“They Will Just Laser Everyone,”
And Other Common Myths, Part 1.
Myth #1: “They will just laser everyone.”
First off, we do not use a lightsaber! We use an ultra-precise surgical CO2 laser that looks like a pen and doesn’t even touch the tissue. It removes tissue layer by layer, and allows us to see all the restriction and remove it safely, quickly, and as gently as possible.
Just the other day, a patient told us that their pediatrician thinks we will “find something to cut on everyone.” So don’t go for a consult, they said. The well-meaning provider will tell the parent that instead of being evaluated for a tie, they should try other things instead. Give the struggling baby a bottle, give formula, take reflux medication (off-label, and has side effects), or “just give it time.”
These suggestions address the symptoms, but not the root cause. Tongue restrictions are widespread, affecting around 20% of babies, but most go undiagnosed, and only the symptoms are treated.
We do not laser everyone that comes to see us. We perform a careful evaluation and listen to mom tell her full story and the child’s story. After understanding all the details and doing an exam, we are in a better position to make the proper diagnosis.
The tongue-tie center is similar to an endodontist’s office in a lot of ways. No one ever goes to the endodontist for fun! Unless my tooth is throbbing and I am in severe pain, I will not step foot into an endodontist’s office for a root canal. Likewise, no one wants to put their baby or child through a procedure and the exercises afterward if it is not necessary or beneficial, and often it’s their last resort.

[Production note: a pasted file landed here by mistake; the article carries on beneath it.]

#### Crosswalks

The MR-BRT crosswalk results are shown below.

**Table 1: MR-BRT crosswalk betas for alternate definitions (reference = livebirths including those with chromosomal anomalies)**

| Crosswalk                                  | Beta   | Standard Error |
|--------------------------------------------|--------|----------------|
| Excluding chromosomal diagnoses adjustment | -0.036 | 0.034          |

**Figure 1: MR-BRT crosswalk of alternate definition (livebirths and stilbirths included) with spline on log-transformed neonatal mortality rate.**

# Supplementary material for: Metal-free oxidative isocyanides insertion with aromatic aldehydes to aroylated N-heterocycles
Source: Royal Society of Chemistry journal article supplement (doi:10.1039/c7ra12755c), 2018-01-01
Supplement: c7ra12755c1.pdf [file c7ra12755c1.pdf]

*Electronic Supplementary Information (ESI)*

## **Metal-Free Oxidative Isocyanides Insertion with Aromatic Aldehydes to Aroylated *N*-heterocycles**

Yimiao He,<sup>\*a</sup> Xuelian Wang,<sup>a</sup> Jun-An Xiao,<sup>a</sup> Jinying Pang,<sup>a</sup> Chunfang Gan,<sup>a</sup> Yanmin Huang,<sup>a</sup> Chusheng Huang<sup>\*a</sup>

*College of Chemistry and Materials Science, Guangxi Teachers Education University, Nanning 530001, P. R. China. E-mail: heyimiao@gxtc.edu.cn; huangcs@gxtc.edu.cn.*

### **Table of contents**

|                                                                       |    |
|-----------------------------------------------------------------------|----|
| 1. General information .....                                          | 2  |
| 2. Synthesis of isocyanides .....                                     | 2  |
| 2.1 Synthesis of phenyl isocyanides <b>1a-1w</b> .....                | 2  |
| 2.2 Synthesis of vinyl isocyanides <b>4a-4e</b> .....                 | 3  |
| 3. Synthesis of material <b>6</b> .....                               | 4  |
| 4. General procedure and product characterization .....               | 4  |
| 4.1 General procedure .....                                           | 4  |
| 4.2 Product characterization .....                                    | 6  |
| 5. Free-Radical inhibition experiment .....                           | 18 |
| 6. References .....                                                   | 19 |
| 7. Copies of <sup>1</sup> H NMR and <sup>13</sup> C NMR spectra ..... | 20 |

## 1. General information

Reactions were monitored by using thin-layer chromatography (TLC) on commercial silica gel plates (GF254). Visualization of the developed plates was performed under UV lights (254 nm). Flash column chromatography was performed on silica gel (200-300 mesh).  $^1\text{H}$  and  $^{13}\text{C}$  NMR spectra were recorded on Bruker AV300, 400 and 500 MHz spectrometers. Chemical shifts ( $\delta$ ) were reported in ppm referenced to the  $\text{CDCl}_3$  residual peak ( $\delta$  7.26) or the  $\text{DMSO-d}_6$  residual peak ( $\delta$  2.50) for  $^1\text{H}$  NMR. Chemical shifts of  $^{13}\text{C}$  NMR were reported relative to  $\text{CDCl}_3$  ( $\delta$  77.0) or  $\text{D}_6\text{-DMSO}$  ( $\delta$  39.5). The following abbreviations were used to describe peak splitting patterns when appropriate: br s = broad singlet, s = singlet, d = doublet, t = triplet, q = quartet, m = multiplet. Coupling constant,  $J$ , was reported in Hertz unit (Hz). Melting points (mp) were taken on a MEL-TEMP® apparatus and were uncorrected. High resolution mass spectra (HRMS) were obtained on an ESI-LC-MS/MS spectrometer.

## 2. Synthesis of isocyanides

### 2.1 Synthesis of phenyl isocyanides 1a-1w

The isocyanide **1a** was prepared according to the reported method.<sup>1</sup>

Just as the endodontist does a lot of root canals, at the tongue-tie center, we treat a lot of tongue-ties. That’s literally all we do.
By the time they come to us, patients have often already been to their pediatrician, lactation consultant, speech therapist, GI specialist, or occupational therapist, among others. But they are not finding much relief from their struggles. Often, a friend will mention, “Hey, maybe it’s a tongue-tie,” so they give us a call out of desperation.
We sit down with them and book plenty of time so we can listen to Mom’s story. We do a full consult which is anywhere from 20 minutes to over an hour. This method allows us ample time to discuss all of the secondary issues (spitting up, gassiness, unhappy baby, can’t hold a pacifier, etc.). If a provider assessing a baby or child for a tongue-tie does not have a checklist of these common symptoms for parents to list all the problems, they will not know what is truly going on. These secondary issues by themselves could be considered normal, but often these babies have so many secondary problems that they add up to significant quality of life issues for the family.